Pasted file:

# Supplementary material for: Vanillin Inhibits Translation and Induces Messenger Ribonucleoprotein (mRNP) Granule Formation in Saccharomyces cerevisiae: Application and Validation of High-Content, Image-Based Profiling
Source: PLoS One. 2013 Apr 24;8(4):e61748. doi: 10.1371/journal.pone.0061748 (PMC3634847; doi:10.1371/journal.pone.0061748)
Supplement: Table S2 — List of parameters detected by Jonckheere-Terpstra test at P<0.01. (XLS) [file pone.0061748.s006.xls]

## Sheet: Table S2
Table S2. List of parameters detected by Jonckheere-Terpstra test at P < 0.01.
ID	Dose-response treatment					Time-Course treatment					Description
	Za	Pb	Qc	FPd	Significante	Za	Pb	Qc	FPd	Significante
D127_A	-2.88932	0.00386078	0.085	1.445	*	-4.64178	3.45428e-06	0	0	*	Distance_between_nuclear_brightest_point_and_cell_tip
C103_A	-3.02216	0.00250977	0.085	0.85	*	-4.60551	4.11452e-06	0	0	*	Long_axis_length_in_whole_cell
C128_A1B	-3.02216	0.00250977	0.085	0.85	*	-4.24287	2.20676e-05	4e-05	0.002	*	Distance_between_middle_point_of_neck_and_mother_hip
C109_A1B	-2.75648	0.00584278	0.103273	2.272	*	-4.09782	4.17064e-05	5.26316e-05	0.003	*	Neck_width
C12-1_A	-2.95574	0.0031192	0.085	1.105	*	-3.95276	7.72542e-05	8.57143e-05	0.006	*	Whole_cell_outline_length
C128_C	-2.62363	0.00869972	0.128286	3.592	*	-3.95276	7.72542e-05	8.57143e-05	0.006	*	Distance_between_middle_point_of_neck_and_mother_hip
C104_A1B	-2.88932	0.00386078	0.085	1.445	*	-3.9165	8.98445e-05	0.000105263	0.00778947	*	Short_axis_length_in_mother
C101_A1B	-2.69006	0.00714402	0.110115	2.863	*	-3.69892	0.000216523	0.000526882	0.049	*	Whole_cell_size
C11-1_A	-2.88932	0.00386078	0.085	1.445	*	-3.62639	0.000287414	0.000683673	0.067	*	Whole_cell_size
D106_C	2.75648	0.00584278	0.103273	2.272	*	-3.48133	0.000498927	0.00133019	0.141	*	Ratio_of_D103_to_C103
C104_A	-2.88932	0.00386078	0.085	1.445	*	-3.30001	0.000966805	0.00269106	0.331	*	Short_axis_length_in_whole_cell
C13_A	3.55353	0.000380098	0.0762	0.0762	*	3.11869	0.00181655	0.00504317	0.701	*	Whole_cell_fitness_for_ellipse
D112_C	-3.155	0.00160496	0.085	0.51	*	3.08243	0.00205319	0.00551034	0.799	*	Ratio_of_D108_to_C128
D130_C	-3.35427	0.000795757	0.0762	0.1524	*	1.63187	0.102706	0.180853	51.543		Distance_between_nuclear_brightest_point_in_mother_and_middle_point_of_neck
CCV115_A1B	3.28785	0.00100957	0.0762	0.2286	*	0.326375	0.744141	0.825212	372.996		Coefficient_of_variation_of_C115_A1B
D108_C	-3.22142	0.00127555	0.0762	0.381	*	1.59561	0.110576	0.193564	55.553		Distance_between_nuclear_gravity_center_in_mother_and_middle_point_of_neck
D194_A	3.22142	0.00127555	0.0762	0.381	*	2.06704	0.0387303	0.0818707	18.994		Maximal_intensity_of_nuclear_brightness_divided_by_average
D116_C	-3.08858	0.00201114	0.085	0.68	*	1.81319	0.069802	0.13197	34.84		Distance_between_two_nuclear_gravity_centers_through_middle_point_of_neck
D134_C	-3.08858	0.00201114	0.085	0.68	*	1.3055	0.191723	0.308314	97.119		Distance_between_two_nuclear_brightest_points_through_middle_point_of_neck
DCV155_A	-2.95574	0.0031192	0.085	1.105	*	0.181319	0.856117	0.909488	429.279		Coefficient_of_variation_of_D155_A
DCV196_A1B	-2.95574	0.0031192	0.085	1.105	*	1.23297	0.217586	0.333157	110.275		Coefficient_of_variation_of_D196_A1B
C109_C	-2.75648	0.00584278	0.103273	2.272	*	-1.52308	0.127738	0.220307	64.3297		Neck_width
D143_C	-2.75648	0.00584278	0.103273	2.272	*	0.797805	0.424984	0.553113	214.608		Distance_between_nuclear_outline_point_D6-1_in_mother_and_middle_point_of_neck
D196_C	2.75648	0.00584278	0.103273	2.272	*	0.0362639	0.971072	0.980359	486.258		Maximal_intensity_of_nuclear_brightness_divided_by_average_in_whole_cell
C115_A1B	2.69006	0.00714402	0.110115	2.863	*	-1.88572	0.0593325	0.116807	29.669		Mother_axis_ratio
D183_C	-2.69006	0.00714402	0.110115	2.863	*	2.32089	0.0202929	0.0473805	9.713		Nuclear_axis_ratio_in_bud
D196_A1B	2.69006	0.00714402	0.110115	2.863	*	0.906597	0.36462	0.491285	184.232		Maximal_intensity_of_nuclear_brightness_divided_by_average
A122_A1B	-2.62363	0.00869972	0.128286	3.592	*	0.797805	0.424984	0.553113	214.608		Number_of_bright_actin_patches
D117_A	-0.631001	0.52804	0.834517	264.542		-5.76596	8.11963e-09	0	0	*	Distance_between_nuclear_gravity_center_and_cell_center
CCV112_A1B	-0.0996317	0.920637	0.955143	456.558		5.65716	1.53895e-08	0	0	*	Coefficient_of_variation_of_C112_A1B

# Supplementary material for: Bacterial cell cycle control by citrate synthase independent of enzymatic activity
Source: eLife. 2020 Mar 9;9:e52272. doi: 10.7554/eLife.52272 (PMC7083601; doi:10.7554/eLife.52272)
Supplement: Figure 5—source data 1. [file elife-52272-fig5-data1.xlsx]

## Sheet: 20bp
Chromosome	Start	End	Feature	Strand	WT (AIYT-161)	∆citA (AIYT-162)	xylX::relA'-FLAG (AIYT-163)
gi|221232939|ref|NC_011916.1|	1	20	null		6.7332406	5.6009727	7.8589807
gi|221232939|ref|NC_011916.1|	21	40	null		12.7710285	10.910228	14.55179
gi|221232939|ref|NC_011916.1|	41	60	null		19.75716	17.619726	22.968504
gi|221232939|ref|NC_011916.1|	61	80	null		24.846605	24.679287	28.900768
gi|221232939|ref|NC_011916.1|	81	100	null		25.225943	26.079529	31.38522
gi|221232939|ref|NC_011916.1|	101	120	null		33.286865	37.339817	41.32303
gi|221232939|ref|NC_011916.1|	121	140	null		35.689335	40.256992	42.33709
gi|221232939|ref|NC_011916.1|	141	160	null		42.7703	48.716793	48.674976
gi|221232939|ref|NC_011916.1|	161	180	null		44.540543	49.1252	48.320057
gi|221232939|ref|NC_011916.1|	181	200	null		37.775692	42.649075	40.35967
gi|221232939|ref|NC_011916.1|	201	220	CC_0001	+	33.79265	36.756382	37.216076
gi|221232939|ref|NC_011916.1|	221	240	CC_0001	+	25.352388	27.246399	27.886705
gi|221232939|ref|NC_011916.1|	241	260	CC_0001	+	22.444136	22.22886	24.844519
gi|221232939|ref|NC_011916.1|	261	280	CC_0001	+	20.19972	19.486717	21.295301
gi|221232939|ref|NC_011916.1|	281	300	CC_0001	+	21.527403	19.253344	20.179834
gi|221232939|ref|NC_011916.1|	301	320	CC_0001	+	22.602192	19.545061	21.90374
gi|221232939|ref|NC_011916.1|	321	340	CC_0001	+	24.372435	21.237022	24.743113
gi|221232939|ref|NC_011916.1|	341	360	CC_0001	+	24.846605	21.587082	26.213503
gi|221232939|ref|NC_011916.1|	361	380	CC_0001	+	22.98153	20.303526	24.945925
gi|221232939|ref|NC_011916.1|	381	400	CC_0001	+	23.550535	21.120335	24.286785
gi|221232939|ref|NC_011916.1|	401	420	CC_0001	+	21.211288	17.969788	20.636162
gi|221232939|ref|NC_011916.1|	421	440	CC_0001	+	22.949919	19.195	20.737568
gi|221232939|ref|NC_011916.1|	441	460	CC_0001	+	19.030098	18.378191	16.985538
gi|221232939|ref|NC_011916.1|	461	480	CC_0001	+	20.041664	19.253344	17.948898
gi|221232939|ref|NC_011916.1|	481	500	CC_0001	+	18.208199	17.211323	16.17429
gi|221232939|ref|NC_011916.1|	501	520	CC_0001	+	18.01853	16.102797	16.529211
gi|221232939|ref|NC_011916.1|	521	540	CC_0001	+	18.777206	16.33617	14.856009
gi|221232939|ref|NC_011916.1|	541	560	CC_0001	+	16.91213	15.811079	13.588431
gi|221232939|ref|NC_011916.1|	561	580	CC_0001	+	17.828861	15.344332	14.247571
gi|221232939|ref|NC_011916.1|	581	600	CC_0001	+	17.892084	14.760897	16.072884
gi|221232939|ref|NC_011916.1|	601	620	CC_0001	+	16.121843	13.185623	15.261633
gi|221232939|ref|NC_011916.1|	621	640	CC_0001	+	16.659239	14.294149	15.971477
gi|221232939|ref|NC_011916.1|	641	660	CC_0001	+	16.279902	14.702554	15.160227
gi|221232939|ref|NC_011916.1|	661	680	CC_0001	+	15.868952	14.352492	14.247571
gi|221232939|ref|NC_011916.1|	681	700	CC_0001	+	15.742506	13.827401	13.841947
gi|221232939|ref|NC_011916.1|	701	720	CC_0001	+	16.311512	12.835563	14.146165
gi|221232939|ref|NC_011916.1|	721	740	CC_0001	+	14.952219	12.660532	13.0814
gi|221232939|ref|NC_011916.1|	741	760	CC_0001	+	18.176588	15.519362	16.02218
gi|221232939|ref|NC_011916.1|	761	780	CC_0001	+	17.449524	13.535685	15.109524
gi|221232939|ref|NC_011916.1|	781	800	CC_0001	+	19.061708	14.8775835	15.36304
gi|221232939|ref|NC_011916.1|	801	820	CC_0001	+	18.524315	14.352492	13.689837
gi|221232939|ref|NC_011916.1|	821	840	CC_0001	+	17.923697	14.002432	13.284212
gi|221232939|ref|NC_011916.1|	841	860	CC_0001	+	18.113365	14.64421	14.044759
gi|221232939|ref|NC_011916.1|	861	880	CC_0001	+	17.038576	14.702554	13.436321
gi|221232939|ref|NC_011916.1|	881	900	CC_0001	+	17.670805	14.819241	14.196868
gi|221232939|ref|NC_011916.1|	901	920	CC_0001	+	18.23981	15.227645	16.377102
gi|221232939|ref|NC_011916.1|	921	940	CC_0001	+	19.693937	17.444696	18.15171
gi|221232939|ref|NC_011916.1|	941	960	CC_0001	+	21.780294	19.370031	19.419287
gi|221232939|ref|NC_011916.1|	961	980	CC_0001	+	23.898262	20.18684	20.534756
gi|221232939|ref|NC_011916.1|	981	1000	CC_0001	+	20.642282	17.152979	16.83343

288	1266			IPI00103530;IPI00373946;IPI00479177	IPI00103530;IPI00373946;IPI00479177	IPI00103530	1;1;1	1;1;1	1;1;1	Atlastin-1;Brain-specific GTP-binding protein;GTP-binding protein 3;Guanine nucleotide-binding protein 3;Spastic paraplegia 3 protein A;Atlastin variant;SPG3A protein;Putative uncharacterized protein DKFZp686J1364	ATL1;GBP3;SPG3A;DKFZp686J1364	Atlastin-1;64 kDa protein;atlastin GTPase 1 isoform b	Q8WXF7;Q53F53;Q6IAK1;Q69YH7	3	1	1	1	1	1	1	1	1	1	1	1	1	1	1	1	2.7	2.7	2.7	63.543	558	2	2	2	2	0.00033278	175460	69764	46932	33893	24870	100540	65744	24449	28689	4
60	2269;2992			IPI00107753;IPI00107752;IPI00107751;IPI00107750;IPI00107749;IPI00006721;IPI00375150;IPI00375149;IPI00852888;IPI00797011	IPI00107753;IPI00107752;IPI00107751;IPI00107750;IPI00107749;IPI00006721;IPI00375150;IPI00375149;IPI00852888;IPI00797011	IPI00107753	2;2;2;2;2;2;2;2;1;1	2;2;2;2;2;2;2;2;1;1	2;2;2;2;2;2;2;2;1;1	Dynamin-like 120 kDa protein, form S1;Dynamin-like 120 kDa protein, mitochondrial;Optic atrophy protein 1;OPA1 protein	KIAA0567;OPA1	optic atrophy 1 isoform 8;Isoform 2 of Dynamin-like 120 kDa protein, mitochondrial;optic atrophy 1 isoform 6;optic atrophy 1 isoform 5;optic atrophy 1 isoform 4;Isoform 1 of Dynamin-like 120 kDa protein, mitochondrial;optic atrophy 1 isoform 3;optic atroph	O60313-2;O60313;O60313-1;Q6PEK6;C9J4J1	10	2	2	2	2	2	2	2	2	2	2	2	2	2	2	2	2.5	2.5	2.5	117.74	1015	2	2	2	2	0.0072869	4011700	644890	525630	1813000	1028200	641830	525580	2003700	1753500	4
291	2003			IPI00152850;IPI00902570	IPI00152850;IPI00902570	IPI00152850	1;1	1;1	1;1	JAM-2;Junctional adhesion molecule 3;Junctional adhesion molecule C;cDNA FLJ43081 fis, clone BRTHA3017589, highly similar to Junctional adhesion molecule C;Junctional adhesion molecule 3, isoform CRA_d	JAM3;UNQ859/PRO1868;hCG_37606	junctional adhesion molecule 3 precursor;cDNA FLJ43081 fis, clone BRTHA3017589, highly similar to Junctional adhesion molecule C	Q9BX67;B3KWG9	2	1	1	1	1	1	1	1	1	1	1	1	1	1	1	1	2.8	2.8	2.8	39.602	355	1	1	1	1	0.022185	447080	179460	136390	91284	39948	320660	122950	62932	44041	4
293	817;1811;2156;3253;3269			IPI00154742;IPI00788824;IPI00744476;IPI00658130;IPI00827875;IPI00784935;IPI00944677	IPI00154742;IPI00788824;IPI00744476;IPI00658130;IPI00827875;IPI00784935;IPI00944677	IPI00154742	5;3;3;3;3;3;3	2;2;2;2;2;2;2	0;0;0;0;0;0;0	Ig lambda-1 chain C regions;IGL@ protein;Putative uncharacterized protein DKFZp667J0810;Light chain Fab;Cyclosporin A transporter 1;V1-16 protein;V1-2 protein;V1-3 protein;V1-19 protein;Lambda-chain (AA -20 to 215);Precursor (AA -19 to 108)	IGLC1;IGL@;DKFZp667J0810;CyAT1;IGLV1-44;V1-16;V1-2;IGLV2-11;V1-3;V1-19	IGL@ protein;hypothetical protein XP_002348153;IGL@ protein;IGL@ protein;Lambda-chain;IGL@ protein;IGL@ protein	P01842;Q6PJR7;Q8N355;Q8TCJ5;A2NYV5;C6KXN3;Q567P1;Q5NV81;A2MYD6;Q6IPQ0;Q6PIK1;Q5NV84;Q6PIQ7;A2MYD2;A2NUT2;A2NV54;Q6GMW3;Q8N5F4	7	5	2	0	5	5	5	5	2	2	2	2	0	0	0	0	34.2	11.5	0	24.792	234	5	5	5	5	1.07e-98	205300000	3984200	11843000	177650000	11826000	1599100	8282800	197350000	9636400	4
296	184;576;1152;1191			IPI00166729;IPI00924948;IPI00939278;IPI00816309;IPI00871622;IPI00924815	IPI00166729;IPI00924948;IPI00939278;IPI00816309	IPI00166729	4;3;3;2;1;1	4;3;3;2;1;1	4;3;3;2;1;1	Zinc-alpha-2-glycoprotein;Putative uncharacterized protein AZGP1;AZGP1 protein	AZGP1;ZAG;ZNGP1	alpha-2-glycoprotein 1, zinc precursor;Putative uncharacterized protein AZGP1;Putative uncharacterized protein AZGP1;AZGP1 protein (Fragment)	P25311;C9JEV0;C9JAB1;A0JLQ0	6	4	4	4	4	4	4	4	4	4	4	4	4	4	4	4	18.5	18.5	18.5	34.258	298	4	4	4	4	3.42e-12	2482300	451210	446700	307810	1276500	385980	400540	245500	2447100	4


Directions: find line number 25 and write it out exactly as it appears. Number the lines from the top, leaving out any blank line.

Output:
D116_C	-3.08858	0.00201114	0.085	0.68	*	1.81319	0.069802	0.13197	34.84		Distance_between_two_nuclear_gravity_centers_through_middle_point_of_neck